One of the articles I have read asked the question as to why Agassi used drugs. Well there is only answer to that: Because it makes you feel good. It makes you feel that you are  above the other people. It gives you a feeling of superiority, euphoria and it lifts a heavy weight from your shoulders. That’s why people use drugs on such a large scale.  Yes, I included alcohol too. Simply because alcohol is a drug. A hard drug too. Even though it’s more socially accepted.

Was it really wrong to have Andre come out and tell people that he has used crystal meth? And that he wants people to learn from his mistakes? Hm, now that’s a tough question.  I would say yes but I have to partially agree with Greg Couch from Tennis Fanhouse.  Agassi indeed fails the trust test. And he fails it miserably.  In no other interviews he shows any remorse of ever using crystal meth. Now how is he trying to make up for his past mistakes? What are we supposed to learn from his confessions? And that’s where the PR comes in: You want to know? Buy the book. They are hyping it up a lot.

One particular sentence from the article by Greg reminded me of The Godfather scene where Michael Corleone offers the Bishop 600 million dollars for shares in Immobiliare.  But it only took 5 million dollars for Agassi to confess his sins. He sold himself out. A guy who has more money than he can ever spend in this lifetime. Hey, he’s got money for two or three generations.  And he sold himself out. That’s shameful. Especially with the world in deep economical recession. There are lots of things that can be done with 5 million bucks! So many people that can be helped.

If he wanted to clear his soul, to confess to his sins, then why did he need be paid $5 million to do it. – Greg Couch

But it doesn’t end here.

Many players , like  for instance Rafael Nadal, who are currently playing on the tour are saying that Andre’s confessions are damaging the sport.

All it shows, in my view, is the weakness of the doping checks from back then. The vulnerabilities of the system that were fully exploited. If you can get away with a silly and simple excuse like “They spiked my drink” then it only shows how easy it is to get away with drug abuse. No double checking, no extra verification, just a simple letter and you are off the hook.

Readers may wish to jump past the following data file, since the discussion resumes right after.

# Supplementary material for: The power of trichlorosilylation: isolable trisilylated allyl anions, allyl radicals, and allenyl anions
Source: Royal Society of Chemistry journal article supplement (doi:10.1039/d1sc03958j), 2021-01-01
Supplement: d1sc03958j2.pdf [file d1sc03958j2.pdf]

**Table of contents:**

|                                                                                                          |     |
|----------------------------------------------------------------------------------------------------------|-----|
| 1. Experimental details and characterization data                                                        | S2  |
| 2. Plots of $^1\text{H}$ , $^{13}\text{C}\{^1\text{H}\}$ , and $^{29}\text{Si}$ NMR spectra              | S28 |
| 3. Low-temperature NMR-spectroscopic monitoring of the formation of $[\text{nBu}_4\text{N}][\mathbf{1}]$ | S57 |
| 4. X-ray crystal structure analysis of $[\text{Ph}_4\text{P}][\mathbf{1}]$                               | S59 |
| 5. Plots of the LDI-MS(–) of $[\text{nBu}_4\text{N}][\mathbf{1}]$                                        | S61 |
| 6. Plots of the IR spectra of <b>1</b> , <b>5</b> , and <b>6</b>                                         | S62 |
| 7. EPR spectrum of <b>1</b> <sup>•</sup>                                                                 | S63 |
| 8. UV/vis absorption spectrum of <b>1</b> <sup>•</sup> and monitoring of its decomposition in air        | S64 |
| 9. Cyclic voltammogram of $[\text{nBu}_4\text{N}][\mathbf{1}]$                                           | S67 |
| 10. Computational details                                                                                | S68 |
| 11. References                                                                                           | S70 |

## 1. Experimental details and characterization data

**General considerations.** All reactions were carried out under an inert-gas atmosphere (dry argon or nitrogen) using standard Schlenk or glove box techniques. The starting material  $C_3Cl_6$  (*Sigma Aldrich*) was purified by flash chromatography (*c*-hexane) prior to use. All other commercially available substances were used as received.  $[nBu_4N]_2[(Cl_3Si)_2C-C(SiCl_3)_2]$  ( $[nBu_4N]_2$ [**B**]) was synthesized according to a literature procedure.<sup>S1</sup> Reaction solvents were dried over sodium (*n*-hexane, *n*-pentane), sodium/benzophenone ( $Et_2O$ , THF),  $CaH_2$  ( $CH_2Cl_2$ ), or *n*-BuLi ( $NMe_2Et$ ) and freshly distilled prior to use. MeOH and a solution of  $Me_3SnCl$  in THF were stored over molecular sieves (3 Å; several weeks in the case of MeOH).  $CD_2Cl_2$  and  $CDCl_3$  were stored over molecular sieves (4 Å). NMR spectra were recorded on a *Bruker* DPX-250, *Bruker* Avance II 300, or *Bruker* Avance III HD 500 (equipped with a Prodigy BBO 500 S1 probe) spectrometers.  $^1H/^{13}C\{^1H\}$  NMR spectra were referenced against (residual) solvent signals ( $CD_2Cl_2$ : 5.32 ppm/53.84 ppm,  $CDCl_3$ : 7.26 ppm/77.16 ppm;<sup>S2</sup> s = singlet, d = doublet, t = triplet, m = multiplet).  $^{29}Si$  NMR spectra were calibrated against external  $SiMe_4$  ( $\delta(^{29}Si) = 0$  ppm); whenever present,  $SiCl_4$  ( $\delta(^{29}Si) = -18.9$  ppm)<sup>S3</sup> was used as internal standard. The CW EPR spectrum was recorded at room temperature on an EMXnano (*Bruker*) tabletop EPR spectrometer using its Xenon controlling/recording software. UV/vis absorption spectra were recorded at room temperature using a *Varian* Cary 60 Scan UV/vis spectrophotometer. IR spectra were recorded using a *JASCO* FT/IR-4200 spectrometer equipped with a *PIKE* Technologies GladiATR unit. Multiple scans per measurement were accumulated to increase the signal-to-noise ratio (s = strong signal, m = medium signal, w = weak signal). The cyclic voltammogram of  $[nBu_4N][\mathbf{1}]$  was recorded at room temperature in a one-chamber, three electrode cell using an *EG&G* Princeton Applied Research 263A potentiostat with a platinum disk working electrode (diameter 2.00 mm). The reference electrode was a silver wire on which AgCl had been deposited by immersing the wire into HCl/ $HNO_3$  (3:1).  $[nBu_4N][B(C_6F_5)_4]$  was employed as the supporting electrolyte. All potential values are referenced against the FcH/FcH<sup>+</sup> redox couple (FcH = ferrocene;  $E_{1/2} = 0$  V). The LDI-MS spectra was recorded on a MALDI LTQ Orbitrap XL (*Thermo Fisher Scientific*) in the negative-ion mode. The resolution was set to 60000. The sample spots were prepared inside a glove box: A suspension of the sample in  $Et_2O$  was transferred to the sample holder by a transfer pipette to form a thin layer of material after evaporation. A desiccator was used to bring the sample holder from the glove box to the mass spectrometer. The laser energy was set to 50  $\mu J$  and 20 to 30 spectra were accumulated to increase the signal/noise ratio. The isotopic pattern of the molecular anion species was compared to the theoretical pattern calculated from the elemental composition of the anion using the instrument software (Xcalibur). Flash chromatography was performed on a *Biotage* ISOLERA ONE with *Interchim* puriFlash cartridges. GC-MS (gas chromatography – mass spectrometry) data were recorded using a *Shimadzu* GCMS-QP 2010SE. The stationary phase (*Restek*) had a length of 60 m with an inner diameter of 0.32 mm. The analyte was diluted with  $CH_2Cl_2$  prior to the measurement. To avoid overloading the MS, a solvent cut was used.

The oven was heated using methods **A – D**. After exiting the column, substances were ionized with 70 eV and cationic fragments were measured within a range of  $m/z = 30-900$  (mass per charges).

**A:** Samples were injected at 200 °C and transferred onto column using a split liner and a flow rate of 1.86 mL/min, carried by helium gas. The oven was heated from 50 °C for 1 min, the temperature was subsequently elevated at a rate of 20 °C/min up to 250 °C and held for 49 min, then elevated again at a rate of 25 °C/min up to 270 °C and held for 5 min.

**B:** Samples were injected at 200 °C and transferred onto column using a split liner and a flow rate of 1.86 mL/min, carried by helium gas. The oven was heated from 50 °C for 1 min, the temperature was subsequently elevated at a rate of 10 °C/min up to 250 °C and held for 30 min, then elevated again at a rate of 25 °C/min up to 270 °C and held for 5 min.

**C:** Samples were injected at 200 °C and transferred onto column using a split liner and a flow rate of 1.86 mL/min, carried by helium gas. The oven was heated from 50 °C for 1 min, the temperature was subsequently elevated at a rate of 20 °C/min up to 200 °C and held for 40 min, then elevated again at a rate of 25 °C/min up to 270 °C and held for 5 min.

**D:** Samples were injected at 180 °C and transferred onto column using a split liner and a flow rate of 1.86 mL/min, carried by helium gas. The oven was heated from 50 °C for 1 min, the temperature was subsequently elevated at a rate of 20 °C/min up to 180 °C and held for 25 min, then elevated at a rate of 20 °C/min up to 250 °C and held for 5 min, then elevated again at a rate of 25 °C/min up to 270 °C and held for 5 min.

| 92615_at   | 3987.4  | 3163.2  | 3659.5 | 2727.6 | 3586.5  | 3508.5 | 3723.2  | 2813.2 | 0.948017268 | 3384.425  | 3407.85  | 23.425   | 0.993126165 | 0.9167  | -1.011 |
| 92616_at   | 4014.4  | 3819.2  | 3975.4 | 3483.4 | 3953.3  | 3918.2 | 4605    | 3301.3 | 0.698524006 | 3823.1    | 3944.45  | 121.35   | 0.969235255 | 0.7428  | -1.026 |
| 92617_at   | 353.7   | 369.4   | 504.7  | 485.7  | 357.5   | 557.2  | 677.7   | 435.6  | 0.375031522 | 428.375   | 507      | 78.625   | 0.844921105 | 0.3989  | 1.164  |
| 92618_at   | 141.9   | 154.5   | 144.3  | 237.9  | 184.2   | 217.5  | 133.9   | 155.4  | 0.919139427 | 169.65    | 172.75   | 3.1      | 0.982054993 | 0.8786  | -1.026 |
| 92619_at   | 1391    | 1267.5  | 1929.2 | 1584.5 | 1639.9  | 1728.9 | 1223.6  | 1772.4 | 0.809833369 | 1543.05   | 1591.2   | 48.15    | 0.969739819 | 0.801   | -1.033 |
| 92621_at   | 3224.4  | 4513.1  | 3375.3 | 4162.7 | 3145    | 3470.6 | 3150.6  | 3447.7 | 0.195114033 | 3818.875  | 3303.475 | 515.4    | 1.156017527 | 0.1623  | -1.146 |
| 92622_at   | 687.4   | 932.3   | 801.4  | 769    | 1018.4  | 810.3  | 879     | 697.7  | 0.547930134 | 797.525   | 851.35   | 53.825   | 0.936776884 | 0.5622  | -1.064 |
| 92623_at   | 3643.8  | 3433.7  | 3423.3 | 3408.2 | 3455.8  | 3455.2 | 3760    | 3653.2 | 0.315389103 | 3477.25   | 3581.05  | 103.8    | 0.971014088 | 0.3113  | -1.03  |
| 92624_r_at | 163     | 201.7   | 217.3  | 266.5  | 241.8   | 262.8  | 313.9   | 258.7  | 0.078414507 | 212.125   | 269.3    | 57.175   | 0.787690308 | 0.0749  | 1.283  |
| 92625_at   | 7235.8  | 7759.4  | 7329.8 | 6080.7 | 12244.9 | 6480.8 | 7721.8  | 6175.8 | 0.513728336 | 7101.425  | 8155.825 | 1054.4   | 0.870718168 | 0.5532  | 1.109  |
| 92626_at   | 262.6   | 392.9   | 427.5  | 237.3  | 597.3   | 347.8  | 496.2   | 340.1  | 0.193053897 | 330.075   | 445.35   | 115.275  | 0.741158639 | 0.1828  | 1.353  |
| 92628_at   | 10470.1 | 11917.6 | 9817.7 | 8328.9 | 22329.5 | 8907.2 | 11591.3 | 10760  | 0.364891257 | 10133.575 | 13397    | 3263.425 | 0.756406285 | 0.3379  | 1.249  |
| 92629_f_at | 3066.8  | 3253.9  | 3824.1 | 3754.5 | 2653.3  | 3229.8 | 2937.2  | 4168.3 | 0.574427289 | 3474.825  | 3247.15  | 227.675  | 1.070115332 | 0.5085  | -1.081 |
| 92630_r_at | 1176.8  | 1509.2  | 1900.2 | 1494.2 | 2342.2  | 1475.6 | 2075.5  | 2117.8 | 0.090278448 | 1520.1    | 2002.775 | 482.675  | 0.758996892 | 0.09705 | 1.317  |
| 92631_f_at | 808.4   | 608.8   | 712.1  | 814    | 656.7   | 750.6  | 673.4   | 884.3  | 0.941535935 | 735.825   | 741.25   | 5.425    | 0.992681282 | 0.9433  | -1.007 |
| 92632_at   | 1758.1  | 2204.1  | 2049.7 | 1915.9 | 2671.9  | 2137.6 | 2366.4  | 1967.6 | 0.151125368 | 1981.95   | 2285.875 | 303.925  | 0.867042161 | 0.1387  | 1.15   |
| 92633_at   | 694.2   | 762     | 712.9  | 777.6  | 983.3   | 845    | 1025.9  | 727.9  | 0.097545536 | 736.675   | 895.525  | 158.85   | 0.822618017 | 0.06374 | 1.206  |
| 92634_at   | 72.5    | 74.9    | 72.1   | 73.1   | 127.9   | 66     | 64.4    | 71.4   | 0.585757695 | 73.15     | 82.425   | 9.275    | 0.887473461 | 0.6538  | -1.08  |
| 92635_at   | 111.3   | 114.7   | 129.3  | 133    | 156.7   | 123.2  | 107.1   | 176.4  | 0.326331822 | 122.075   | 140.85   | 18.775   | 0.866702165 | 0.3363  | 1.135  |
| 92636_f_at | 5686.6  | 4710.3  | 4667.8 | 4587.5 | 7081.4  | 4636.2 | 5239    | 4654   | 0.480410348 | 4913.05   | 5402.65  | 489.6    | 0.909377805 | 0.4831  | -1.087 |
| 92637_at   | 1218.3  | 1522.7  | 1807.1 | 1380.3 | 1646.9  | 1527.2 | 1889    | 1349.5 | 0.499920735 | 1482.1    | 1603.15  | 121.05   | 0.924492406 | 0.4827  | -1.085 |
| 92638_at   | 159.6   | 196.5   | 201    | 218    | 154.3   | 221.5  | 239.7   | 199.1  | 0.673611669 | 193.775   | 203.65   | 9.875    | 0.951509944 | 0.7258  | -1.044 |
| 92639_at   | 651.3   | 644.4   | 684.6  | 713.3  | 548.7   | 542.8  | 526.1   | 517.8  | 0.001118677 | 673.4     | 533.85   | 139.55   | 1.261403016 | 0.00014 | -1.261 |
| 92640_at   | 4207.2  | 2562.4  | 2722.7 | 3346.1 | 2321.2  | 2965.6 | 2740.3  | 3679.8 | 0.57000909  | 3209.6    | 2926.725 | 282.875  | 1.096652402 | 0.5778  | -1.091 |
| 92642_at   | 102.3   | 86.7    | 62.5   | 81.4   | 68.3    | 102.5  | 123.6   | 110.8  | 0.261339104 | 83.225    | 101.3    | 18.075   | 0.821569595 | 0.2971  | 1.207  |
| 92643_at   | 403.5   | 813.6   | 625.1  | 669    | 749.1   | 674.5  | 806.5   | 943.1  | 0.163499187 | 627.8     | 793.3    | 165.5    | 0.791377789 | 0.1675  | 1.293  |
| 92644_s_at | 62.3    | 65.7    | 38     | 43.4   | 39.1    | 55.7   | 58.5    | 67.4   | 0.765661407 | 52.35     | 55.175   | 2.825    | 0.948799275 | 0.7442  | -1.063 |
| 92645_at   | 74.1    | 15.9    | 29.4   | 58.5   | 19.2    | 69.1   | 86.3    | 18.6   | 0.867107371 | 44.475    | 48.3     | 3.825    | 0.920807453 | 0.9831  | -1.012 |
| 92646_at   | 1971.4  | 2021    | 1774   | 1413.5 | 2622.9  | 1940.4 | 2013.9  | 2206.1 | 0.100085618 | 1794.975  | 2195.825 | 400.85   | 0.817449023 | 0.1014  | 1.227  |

Agassi admitted today that he used crystal meth for about a year or so. Or so? He doesn’t remember clearly but how do you get away with that?  How many doping checks are there on an annual basis? Or did he simply write more letters to the ATP Tour saying that his assistant Slim kept changing glasses when Andre went to the bathroom or so? You know, just for fun.

Perhaps they just took a hair sample from his wig to see how much drugs there was left in his body. Who knows?

Question remains:  Did the ATP Tour cover this up? Were they affraid to lose one of their main attractions ?  If so then the ATP Tour as an organisation has also failed miserably and managed to singlehandedly castrate the integrity of the sport all by themselves.

The ATP however released a statement that they can’t take any responsibility for a doping case.  Only an independant tribunal has that kind of power.

Reading the confessions , I think it’s good that he did what he did.  It shows that he is just as vulnerable and susceptible as the next guy.  He is, after all a human being and not just a poster boy for philantropy and tennis.